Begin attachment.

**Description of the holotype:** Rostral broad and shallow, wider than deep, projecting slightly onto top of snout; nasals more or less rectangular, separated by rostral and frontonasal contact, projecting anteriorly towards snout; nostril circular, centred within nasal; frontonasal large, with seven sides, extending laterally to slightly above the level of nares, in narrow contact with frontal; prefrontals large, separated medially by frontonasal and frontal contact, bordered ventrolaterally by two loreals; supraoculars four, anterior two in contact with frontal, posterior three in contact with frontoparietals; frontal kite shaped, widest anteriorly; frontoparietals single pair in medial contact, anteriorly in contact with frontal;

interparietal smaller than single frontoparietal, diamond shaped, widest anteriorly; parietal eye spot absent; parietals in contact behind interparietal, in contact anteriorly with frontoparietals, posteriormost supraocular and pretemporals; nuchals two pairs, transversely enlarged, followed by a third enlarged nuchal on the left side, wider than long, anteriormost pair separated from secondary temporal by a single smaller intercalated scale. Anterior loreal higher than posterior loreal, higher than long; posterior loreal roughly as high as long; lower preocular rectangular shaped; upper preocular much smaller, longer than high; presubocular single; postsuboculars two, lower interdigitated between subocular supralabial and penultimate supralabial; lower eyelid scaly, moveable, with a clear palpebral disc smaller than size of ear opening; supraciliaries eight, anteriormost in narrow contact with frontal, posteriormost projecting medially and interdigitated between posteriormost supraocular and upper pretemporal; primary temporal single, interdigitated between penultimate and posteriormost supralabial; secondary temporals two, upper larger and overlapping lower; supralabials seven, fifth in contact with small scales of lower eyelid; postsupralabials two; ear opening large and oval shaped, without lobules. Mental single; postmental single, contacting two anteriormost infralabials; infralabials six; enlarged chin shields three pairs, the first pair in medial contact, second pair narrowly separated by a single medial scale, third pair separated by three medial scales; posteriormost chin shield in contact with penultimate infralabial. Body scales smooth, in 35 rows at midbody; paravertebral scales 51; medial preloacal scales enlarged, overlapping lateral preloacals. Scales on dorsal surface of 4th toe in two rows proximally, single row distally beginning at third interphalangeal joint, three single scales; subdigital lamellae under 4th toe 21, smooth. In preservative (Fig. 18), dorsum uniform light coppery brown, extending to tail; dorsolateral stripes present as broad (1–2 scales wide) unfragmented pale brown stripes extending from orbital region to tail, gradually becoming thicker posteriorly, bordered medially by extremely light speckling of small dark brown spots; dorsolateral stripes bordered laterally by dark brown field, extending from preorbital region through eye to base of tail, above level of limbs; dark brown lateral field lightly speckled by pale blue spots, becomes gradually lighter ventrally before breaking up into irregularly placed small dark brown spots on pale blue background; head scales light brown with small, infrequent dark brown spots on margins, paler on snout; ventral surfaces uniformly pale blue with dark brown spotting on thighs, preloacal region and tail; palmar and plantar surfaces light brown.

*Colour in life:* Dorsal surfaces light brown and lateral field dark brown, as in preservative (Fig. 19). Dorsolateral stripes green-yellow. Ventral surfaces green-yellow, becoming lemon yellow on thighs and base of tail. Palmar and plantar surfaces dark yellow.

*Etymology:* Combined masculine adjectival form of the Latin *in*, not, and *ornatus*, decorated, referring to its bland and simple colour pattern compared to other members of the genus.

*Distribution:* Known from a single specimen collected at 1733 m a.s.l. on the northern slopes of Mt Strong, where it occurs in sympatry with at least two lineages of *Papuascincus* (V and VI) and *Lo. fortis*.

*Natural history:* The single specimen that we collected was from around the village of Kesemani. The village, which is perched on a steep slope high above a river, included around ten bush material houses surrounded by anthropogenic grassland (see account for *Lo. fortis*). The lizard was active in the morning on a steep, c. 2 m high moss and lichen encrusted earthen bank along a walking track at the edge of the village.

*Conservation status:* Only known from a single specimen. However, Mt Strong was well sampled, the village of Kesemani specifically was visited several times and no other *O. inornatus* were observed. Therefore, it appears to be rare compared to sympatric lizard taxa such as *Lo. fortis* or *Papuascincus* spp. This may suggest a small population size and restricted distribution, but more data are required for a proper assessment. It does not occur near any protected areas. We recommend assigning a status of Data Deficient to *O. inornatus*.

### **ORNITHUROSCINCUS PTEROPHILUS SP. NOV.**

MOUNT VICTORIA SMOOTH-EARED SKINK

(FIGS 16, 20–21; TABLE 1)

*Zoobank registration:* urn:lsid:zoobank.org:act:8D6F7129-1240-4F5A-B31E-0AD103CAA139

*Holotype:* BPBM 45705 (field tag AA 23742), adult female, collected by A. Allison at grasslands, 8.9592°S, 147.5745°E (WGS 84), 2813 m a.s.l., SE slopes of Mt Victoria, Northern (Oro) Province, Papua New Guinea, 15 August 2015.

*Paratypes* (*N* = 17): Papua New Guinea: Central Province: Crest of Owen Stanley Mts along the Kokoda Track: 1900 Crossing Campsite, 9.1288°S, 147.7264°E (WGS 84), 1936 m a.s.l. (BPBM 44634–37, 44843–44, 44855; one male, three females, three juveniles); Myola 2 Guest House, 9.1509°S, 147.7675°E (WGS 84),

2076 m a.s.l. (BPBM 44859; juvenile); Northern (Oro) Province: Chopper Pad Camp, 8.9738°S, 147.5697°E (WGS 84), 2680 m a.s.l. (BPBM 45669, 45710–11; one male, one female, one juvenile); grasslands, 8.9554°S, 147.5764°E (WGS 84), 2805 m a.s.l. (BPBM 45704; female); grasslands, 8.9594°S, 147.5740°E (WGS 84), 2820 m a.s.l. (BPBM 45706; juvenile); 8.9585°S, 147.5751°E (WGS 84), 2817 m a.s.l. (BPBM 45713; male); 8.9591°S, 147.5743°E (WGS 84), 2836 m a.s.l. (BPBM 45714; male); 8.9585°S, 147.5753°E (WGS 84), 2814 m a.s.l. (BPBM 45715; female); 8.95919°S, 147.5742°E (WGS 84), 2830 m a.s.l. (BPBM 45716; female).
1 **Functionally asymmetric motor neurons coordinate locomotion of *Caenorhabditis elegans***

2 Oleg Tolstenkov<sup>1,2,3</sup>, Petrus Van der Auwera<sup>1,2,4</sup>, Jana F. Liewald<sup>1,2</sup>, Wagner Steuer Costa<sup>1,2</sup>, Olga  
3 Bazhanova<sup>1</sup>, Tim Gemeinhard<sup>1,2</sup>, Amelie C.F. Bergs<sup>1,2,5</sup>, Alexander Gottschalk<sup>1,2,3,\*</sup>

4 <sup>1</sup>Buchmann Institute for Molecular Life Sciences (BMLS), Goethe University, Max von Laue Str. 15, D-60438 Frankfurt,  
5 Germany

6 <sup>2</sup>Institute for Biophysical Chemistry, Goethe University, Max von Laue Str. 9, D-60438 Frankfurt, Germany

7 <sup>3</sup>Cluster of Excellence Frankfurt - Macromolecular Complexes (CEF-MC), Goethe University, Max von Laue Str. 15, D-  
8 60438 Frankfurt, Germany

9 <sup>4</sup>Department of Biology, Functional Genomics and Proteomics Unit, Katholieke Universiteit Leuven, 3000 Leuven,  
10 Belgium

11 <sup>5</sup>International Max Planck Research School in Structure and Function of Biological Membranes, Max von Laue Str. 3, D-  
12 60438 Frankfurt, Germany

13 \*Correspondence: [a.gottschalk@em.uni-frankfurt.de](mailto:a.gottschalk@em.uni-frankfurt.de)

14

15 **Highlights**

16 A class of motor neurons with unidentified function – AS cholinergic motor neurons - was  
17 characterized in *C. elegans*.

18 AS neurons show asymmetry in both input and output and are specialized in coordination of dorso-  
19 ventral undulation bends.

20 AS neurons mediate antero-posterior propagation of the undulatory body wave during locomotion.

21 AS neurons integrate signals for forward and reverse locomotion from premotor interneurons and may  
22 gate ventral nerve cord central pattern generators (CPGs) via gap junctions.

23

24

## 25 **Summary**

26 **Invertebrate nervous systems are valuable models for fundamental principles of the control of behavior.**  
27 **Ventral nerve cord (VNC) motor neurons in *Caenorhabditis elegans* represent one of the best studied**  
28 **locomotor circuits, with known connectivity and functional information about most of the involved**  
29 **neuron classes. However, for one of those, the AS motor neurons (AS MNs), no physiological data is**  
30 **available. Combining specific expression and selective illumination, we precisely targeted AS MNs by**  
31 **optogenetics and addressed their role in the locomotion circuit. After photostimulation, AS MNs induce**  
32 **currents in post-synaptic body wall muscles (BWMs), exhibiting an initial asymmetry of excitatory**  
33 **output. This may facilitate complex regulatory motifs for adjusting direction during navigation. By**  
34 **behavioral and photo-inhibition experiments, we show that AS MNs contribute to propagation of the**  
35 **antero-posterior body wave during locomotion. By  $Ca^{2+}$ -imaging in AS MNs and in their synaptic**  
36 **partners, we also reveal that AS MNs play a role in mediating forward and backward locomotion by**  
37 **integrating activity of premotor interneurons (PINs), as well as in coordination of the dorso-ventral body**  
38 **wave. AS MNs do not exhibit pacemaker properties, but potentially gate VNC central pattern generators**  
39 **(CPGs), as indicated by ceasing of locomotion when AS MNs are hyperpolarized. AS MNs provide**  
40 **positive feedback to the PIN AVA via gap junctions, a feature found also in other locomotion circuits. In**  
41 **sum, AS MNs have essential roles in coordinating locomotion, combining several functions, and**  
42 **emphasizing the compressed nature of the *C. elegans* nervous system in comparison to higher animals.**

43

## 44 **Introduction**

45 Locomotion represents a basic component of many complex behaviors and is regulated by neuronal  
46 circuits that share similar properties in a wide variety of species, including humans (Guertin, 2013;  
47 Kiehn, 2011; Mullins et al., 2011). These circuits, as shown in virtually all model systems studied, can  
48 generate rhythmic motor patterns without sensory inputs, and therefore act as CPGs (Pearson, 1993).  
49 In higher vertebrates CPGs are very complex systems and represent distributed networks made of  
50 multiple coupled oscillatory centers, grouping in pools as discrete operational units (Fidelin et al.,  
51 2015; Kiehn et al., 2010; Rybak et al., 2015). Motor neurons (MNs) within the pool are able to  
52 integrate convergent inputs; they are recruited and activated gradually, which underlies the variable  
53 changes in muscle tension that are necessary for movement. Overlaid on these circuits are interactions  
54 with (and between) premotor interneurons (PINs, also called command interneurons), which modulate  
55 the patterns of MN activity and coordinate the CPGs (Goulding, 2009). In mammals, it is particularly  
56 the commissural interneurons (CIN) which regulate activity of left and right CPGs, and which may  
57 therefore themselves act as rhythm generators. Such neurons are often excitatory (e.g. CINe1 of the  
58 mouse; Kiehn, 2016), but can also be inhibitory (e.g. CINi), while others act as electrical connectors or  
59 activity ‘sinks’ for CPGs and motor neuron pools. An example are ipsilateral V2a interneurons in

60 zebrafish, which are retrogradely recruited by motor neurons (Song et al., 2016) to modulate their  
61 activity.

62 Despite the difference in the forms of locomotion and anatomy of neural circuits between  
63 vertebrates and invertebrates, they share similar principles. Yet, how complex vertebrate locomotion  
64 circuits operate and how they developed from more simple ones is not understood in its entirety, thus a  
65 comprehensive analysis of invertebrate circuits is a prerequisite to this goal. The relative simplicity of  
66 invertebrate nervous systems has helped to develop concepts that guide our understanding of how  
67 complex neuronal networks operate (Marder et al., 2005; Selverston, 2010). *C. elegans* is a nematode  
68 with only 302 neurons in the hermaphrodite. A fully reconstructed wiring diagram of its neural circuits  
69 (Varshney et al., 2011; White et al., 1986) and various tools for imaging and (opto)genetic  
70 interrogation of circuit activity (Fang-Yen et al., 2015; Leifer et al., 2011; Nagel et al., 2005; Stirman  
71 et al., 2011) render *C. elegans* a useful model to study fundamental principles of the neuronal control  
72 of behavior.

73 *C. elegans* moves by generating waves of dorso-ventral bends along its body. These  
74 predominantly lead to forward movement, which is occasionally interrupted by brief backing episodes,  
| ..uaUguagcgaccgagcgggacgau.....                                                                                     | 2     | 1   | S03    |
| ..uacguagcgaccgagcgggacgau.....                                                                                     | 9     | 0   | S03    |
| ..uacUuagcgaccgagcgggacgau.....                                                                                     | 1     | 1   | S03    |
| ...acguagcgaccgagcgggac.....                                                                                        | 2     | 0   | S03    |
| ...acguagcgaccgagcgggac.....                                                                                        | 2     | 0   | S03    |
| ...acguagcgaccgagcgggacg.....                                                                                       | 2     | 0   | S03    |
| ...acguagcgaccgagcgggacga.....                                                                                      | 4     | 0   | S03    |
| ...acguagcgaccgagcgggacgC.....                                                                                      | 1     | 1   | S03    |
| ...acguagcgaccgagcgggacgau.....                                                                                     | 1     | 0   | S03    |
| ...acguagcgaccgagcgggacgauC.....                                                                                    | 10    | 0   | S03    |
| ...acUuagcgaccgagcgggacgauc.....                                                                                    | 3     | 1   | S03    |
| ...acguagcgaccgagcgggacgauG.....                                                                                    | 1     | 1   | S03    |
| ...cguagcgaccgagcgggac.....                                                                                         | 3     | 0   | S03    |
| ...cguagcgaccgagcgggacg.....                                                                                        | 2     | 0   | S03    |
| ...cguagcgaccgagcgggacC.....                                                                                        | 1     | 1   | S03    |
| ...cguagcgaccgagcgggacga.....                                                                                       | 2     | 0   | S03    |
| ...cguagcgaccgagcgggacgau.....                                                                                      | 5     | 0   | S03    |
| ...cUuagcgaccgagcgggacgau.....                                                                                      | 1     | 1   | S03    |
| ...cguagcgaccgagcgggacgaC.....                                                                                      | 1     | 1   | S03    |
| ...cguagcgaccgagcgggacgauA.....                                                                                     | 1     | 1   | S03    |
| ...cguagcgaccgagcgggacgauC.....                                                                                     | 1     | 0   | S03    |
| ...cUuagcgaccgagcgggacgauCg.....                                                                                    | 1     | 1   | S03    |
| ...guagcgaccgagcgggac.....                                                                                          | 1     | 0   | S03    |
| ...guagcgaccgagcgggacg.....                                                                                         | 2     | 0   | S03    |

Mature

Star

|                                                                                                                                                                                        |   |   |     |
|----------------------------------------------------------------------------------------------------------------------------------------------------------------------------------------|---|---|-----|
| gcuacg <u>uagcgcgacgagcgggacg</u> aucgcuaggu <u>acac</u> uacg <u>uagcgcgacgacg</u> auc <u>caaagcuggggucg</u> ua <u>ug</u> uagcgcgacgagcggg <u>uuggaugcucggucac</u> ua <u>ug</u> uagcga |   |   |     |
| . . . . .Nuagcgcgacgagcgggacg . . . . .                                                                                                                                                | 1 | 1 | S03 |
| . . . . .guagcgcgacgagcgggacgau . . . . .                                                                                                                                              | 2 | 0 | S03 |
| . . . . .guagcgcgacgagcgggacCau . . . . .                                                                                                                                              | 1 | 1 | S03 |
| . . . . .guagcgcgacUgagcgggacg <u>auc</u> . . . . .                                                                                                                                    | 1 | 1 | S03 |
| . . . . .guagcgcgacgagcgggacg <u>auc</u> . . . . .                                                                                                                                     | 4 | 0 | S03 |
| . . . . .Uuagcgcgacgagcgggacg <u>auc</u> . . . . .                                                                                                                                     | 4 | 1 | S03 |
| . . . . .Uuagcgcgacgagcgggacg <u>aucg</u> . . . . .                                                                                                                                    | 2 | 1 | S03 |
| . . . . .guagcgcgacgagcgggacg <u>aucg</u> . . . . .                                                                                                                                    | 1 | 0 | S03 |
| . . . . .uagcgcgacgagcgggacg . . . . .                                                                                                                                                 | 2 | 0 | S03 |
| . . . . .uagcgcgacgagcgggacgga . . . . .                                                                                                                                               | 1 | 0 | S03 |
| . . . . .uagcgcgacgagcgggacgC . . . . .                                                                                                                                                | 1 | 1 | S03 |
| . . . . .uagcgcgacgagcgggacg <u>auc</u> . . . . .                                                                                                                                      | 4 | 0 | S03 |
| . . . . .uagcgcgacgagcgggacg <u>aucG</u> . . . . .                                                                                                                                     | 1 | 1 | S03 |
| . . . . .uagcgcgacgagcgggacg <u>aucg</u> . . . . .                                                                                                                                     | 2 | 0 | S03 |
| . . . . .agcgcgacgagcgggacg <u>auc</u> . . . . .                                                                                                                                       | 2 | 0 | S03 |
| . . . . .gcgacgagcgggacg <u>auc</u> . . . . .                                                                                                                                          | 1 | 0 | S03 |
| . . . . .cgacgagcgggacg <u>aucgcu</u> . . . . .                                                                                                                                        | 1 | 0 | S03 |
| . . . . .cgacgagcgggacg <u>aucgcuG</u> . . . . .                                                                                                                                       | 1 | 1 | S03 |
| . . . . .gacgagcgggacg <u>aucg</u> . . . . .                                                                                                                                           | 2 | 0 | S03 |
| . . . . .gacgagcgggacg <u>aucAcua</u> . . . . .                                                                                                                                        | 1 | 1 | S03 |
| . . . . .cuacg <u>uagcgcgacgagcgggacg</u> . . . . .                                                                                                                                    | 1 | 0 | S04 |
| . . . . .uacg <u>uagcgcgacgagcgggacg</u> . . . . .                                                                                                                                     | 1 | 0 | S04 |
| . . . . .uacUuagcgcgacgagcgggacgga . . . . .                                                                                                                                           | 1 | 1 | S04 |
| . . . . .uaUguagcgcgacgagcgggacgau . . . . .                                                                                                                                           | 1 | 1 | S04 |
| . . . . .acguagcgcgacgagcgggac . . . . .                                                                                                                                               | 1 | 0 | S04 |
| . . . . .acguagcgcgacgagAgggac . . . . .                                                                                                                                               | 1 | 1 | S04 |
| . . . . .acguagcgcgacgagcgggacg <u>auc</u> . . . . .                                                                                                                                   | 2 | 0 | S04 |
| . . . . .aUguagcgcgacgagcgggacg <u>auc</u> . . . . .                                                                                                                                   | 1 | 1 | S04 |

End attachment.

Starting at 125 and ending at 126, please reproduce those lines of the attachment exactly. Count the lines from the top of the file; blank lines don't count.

| . . . . .guagcgcgacgagcgggacg <u>aucg</u> . . . . .                                                                                                                                    | 1 | 0 | S03 |
| . . . . .uagcgcgacgagcgggacg . . . . .                                                                                                                                                 | 2 | 0 | S03 |